alternative modes of settlement of disputes have been given impetus by the
amendments to the Recent Code of Civil Procedure, 1908. Under the Code of
Civil Procedure, 1908, s. 89, courts have been empowered to explore the
possibilities of settlement of disputes through Lok Adalats, arbitration and
conciliation.

Barring matters relating to an offence not compoundable under any law, the Lok
Adalat has jurisdiction to determine and arrive at a compromise in respect of
any case which falls within its jurisdiction. Taking cognisance of the cases by
Lok Adalats is governed by s. 2048, which states:

It may be inferred that after the establishment of lok adalats, it


has done a commendable job in speedy disposal of cases even though much
more is needed to be done in this arena, nevertheless its worth mentioning. The
legislature has also done a commendable job by removing every kind of
possible difficulties for the smooth functioning of this eminent feature of the
judiciary.

The most important aspect brought in by the legislature in this regard in that the
award of the Lok Adalat is not made subject to any appeal. However in certain
conditions it is made subject to an appeal.

48
2 Legal Services Authorities Act, 1987, s. 20(1) wherein any case referred to in s. 19(5)(i)(a), cl. (i) the parties
thereof agree; or (b) one of the parties thereof makes and application to the court, for referring the case to the
lok adalat for settlement and if such court is prima facie satisfied that there are chances of such settlement; or
(ii) the court is satisfied that the matter is an appropriate one to be taken cognisance of by the lok adalat; the
court will refer the case to the lok adalat: Provided that no case will be referred to the Lok Adalat under sub-cl.
(b) of cls. (i) or (ii) by such court except after giving a reasonable opportunity of being heard to the parties.
61 | P a g e
According to s. 21, award of Lok Adalat is fictionally deemed as decree of
court. As the award passed by the Lok Adalat is deemed to a decree of a civil
court, execution may be carried out, and any contrary view execution may be
carried out, and any contrary view might defeat the purpose of Lok Adalats and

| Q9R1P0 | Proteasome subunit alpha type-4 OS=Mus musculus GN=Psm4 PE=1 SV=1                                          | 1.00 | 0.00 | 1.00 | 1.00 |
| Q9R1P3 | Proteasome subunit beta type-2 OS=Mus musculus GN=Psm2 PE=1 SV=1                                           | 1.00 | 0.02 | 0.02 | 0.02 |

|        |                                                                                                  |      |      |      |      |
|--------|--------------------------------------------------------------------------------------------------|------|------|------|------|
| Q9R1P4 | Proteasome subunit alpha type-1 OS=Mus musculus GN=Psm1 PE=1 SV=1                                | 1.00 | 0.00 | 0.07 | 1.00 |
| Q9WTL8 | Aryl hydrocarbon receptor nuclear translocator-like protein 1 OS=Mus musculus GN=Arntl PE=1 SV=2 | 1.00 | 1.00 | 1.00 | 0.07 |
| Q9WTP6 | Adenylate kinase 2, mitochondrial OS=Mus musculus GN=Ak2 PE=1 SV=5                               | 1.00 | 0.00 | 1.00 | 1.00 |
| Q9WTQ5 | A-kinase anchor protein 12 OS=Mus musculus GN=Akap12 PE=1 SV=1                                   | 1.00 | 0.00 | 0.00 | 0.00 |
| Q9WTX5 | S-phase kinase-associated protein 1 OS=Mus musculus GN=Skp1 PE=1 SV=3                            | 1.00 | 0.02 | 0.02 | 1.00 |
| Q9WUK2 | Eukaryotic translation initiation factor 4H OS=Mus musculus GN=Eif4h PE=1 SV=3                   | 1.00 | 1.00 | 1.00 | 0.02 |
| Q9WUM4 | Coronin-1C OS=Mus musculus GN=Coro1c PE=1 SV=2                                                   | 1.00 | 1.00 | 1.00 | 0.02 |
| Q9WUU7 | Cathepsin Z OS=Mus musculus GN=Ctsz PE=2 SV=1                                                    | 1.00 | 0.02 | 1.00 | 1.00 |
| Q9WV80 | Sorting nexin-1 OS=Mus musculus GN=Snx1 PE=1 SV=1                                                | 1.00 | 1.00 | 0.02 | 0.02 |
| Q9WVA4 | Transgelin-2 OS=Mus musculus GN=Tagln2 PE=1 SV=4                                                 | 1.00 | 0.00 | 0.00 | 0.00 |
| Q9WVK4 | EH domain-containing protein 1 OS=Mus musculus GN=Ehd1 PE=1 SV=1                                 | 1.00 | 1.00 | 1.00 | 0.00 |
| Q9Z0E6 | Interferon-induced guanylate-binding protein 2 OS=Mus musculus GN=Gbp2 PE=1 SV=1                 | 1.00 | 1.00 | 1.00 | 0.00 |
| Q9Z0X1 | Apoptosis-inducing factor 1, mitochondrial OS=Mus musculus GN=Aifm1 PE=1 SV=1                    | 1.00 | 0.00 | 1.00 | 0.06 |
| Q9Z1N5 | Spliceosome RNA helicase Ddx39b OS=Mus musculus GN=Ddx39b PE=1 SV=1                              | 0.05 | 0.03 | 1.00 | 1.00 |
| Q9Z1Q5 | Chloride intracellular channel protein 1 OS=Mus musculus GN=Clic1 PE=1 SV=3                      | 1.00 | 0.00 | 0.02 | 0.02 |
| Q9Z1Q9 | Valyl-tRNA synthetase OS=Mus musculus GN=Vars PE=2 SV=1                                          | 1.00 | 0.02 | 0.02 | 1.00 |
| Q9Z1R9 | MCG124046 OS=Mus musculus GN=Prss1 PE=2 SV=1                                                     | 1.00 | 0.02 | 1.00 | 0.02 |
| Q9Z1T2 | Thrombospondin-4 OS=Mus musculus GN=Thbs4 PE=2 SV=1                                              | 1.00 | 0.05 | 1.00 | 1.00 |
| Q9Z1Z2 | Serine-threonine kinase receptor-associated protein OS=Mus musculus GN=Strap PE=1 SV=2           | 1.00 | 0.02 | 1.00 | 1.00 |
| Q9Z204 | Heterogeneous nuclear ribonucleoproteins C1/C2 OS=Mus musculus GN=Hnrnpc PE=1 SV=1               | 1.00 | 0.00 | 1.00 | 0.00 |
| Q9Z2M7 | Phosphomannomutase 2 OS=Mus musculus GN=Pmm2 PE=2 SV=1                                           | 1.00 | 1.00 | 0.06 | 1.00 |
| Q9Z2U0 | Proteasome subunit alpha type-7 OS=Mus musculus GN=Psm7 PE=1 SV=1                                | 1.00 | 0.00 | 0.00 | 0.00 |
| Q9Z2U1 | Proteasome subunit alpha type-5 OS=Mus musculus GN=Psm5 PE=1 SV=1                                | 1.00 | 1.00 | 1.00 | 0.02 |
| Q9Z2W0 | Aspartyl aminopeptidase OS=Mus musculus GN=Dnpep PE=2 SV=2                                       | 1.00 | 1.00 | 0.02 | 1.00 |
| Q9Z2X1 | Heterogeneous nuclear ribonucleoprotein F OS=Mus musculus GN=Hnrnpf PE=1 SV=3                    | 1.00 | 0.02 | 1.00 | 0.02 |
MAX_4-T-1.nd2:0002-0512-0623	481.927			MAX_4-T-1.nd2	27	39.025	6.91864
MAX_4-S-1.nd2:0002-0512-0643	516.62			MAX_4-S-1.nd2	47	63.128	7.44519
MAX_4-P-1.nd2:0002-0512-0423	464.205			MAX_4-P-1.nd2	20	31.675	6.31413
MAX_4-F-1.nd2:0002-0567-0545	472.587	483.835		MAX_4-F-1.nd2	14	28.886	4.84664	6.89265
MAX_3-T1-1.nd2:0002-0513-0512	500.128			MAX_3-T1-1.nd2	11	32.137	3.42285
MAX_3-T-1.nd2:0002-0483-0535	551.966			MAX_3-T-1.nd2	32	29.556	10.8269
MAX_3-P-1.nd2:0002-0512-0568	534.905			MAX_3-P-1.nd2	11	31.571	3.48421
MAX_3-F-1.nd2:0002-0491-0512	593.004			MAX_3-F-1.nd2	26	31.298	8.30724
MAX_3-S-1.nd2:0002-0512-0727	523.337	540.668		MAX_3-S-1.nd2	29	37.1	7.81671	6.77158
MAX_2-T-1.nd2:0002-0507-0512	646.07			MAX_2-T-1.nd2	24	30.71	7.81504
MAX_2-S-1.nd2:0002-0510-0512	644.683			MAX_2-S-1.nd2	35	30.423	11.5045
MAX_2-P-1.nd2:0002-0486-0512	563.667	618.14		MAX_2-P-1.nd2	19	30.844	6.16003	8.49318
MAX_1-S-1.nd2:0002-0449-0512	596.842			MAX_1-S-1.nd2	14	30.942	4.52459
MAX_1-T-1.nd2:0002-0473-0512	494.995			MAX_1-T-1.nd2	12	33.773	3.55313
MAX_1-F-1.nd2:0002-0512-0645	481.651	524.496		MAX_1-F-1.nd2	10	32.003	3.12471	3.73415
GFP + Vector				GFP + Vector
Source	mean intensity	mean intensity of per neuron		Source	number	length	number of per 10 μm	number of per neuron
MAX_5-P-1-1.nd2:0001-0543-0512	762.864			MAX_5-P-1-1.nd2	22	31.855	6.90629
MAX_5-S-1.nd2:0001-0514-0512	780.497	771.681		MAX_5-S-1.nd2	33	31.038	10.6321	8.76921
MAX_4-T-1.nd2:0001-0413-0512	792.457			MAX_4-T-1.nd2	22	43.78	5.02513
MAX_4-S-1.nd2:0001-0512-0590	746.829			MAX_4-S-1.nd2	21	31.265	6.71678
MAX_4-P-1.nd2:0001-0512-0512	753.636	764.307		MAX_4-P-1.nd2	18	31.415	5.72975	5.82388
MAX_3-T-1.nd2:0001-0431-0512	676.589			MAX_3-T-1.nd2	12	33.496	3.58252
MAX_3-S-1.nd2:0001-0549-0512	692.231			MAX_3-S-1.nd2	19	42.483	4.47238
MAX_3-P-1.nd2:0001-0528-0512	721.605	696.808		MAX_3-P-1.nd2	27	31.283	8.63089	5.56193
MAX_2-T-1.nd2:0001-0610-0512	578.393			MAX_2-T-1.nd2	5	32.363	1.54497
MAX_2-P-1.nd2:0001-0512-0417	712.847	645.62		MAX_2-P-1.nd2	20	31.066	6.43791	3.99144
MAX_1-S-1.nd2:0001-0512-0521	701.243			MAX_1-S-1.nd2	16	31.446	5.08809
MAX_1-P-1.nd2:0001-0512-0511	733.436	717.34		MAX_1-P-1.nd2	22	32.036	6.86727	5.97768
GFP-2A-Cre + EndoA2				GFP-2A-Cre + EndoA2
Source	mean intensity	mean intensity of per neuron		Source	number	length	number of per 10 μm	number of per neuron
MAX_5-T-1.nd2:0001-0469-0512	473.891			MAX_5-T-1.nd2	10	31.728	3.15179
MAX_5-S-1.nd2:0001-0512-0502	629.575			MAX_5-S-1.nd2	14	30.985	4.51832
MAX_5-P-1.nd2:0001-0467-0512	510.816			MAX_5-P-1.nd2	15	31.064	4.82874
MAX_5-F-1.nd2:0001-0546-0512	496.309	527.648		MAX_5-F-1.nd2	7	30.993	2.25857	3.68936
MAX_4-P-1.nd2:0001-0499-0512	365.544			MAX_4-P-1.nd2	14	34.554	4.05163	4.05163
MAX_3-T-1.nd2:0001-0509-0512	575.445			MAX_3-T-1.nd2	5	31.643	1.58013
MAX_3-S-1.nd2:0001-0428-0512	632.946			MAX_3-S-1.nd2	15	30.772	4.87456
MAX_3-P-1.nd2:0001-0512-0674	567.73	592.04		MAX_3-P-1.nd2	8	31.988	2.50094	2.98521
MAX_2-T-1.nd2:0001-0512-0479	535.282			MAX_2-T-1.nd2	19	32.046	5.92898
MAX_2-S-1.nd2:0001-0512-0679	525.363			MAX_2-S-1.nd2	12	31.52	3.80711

the award such passed by it is taken to be final and so appeal will lie from such
award.

The provision of the Act has been very well illustrated in the case of P.T
Thomas vs. Thomas Job49 decided on 04 August 2005. The prime question
before the Apex Court was whether an award passed by a Lok Adalat may be
questioned in a court of appeal. The Apex Court observed that the award of the
Lok Adalat is fictionally deemed to be decree of a court and therefore the courts
will have all the powers in relation thereto as it has in relation to a decree passed
by it. Such award will be passed by the Lok Adalat after the consent of the
parties, therefore there is no need either to reconsider or review the matter again
and again, as the award passed by the Lok Adalat will be final. Even as under
the Code of Civil Procedure, 1908, s. 96, no appeal will lie from a decree passed
by the court with the consent of the parties.

In this context, it is worth mentioning, Punjab National Bank v. Lakshmichand


Rai,50 where the high court held that ‘the provisions of the enactment will
prevail in the matter of filing an appeal and an appeal may not lie under the
provisions of the Code of Civil Procedure, 1908, s. 96. Lok Adalat is conducted
under an independent enactment and once the award is made by Lok Adalat, the
right of appeal will be governed by the provisions of the Legal Services
Authorities Act, 1987 and appeal may be when it has been specifically barred

49
2005 (3) KLT 1042 SC
50
2000 INDLAW MP 201, AIR 2000 MP 301

62 | P a g e
under provisions of s. 21(2), no appeal may be filed against the award under the
Code of Civil Procedure, 1908, s.96.

The court further stated that ‘it may incidentally be further seen that even the
Code of Civil Procedure, 1908 does not provide for an appeal under s. 96
against a consent decree. The Code of Civil Procedure, 1908 also intends that
once a consent decree is passed by civil court finality is attached to it. Such
finality may not be permitted to be destroyed, particularly under the Legal
Services Authorities Act, 1987, as it may amount to defeat the very aim and
object of the enactment with which it has been enacted; hence, we hold that the
appeal filed is not maintainable’.

In a similar observation51 the High Court of Andhra Pradesh held that, ‘the
award is enforceable as a decree and it is final. In all four, the endeavour is only
to see that the disputes are narrowed down and make the final settlement so that
the parties are not again driven to further litigation or any dispute. Though the
award of a Lok Adalat is not a result of a contest on merits just as a regular suit
by a court on a regular suit by a court on a regular trial, however, it is as equal
and on par with a decree on compromise and will have the same binding effect
and conclusive just as the decree passed on the compromises may not be
challenged in a regular appeal, the award of the Lok Adalat being akin to the
same, may not be challenged by any regular remedies available under law